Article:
Monday, January 22, 2007

the time has come / the time has come

And so it begins. Bob Lefstez, who, may be rather over opinionated at times (but that is exactly why I enjoy him) predicted last year that 2007 is to be the year of the CD meltdown; that we have seen nothing yet in terms of the collapse of CD sales.

I like Bob’s emails, and look forward to them. He says things that no-one seems to be willing to say, the obvious things that are not necessarily politically correct in an industry based, as often as not, around yes-men, cronyism and hype.

And as often as not he’s right.

As I read Bob I find myself nodding my head. Not all the time mind….he was wrong to criticise Patti Smith’s inauguration into the Rock’n’Roll Hall of Fame. He rather misses the point, I think. Patti and Joni Mitchell were absolutely crucial in pushing open the door for intelligent female composers in popular music. Smith may have only have had one hit, but that is rather beside the point. The hall, if it is to have any value (which is utterly debateable anyway)has to be about more than hit records. And, Bob, Alice Cooper may’ve had a worthy hit or two, but he didn’t “invent” (if there is any such thing) glam rock….the credit for that has to go to a bunch of purveyors of sequins from across the other side of the Atlantic. It was their influence that rocketed around the world, not Vince’s. But I agree, a Rock’n’Roll Hall of Fame that excludes The Stooges and The New York Dolls is essentially worthless.

I did get a smile though from the bunch of Americans rabbiting on about Rush. My lord, the nation that foisted REO Speedwagon and Asia on us still doesn’t get it, do they….then again, as Graham Reid muses, perhaps prog is back…god help us all. I feel a generation gap roaring down the track towards me. Some things are simply wrong and the passing of years does nothing to change that…

But back to CD sales… the first indications are that he, Bob, is right about the meltdown, and its coming at us faster than he, or anyone else, predicted. Its early days yet but the Christmas figures in the US were down some 6% over the year before, and the year itself down almost that figure in total. Digital sales, which are essentially track sales, have taken up some of the slack, and indeed, risen early this year. But the indicators for 2007 for traditional sales media or the recording industry as a whole, are already disastrous as digital is in no way taking up the slack indicated by the drop in CD sales.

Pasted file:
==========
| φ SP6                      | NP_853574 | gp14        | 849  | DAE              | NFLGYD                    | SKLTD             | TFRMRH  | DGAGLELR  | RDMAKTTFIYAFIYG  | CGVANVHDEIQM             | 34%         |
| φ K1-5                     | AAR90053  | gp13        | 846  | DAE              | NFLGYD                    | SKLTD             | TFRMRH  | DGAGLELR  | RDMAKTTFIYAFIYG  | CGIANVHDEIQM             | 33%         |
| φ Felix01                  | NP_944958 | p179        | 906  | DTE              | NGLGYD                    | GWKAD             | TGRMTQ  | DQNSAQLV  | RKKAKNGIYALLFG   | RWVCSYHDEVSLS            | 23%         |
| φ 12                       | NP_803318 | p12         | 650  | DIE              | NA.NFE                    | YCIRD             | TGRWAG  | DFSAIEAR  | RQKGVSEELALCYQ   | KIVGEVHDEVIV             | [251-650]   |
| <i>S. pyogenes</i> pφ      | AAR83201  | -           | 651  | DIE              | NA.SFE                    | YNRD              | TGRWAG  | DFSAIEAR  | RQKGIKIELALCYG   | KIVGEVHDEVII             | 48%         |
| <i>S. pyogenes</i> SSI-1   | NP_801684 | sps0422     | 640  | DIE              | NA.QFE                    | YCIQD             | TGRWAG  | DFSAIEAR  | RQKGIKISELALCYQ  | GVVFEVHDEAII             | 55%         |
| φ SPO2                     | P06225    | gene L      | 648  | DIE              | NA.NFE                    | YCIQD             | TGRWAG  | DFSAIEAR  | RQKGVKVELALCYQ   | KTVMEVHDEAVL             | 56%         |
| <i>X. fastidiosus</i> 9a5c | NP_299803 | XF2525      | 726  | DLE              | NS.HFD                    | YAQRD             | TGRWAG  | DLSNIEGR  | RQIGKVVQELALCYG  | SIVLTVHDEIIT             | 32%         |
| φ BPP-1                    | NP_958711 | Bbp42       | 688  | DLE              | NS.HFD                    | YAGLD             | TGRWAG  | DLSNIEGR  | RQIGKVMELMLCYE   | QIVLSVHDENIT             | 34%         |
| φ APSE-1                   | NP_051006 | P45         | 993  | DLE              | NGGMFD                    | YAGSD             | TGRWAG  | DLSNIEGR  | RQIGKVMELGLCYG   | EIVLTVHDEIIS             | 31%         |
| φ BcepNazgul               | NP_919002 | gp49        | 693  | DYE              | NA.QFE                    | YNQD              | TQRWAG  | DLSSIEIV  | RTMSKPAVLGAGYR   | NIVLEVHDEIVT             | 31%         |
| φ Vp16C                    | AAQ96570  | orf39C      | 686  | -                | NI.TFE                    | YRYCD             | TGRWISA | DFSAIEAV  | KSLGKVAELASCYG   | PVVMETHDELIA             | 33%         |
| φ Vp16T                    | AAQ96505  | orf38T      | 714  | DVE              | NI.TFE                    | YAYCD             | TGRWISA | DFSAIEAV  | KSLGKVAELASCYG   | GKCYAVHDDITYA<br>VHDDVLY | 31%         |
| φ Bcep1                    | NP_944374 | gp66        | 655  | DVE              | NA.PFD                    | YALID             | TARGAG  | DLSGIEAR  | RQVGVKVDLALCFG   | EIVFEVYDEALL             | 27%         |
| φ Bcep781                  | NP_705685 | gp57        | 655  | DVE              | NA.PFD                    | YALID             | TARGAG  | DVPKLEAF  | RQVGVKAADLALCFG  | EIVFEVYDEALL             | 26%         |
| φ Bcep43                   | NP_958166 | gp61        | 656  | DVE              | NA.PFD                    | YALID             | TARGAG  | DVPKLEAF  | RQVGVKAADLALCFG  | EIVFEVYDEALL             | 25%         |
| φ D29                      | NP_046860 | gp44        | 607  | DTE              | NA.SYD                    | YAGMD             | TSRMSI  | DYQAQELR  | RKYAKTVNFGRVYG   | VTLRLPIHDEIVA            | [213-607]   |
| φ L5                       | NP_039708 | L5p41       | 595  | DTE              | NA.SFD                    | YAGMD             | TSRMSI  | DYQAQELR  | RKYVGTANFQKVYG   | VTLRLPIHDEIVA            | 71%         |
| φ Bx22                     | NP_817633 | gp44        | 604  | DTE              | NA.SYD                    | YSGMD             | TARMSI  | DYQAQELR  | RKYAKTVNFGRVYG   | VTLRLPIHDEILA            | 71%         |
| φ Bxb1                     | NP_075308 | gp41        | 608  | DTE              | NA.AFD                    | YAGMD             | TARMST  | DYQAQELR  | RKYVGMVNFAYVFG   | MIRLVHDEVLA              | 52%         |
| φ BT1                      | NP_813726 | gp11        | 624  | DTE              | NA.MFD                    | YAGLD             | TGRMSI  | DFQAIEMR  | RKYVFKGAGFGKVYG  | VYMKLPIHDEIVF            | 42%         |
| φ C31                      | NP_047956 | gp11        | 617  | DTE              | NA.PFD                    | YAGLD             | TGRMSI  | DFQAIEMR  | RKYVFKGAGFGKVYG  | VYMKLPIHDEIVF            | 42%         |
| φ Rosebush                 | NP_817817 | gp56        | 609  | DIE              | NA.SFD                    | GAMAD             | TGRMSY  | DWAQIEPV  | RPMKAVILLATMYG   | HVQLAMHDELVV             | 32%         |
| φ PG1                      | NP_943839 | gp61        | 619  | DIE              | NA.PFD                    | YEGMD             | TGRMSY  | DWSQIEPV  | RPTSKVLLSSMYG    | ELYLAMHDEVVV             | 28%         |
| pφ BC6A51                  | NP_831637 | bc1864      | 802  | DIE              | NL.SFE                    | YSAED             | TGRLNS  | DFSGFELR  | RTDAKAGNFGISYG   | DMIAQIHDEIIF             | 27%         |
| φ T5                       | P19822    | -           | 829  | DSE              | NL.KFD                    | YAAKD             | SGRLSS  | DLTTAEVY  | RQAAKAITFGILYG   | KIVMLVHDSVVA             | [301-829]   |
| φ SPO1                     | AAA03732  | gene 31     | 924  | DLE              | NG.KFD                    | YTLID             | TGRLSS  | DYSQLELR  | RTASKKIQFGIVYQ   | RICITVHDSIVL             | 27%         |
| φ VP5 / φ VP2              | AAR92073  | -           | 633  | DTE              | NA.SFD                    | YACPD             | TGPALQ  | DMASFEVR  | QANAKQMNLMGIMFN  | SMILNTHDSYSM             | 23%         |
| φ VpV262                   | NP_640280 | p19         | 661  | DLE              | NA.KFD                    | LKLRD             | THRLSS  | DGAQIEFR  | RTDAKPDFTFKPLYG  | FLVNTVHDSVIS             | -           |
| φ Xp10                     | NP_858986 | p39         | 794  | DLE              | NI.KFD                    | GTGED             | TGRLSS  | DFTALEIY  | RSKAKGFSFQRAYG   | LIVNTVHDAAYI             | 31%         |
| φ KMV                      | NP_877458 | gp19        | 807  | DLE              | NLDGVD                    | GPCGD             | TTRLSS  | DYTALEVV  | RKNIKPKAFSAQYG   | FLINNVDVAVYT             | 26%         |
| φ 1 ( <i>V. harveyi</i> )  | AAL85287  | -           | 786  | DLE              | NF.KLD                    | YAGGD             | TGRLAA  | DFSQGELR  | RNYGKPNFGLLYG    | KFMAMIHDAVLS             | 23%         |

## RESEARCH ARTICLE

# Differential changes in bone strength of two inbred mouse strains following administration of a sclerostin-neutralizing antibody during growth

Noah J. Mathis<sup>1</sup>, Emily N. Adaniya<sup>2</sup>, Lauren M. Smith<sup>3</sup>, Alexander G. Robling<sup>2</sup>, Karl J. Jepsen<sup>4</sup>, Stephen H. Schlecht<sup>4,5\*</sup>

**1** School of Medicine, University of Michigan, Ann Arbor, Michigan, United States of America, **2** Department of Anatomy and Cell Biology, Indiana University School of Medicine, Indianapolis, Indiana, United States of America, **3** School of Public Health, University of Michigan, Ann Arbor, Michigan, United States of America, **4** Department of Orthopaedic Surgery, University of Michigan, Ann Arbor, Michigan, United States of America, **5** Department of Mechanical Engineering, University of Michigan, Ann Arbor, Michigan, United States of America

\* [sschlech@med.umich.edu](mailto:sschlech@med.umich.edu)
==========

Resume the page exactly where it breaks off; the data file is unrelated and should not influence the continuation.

The first two weeks of 2007 have seen a massive 14% drop over the same period. A third or fourth week pickup may slow this but if the 14% drop over the 6% drop is any rough indication of trends, then….well, when does the slowdown in sales start being referred to as a rout; as a disaster? The trend seen over the past half decade or so is accelerating faster than anyone could’ve predicted.

The number one single in the US sold 1700 physical copies last week, based on Soundscan figures. And the biggest single of 2006, from Taylor Hicks, sold only 450,000 all year, figure which could’ve been done in a week at the peak of single sales. If you think that’s bad, the number two sold 158,000 and, worse still, the tenth biggest selling single in the US last year sold only 32,000 and was, incredibly Heartbreak Hotel by the thirty year dead Elvis Presley.

The number one album in the US last week was the lowest selling number one, by quite a margin, since the current chart system was inaugurated, eclipsing the new low set the week before.

And it’s global, as anyone in either the Australian or New Zealand record labels will tell you. My information is that the current NZ number one, yet another hits collection by ABBA (ABBA again for god’s sake…how exciting…and they wonder why nothing’s selling…it must be time for another Police collection or a new Cats Stevens’ hits package…and then there is Marley) has, despite television advertising sold less than 2000 copies. That’s less than $40k in gross return, before the marketing cost, royalties and the like. Let alone the cost of the staff, warehousing and everything else involved in supporting a small multinational company. Yes, I know it’s not that simple, especially when a company has some 50,000 titles in its catalogue.

But its scarily indicative of the obvious trend and it doesn’t take long before steady declines of the sort we are seeing move beyond the simply dire into serious retrenchment beyond the sorts provided by continuous merging, not least of which must be a withdrawal from smaller markets.

Fascinating times….

On a plus…the new LCD Soundsystem album, due out in March I think…is an absolute killer….watch EMI do nothing with it….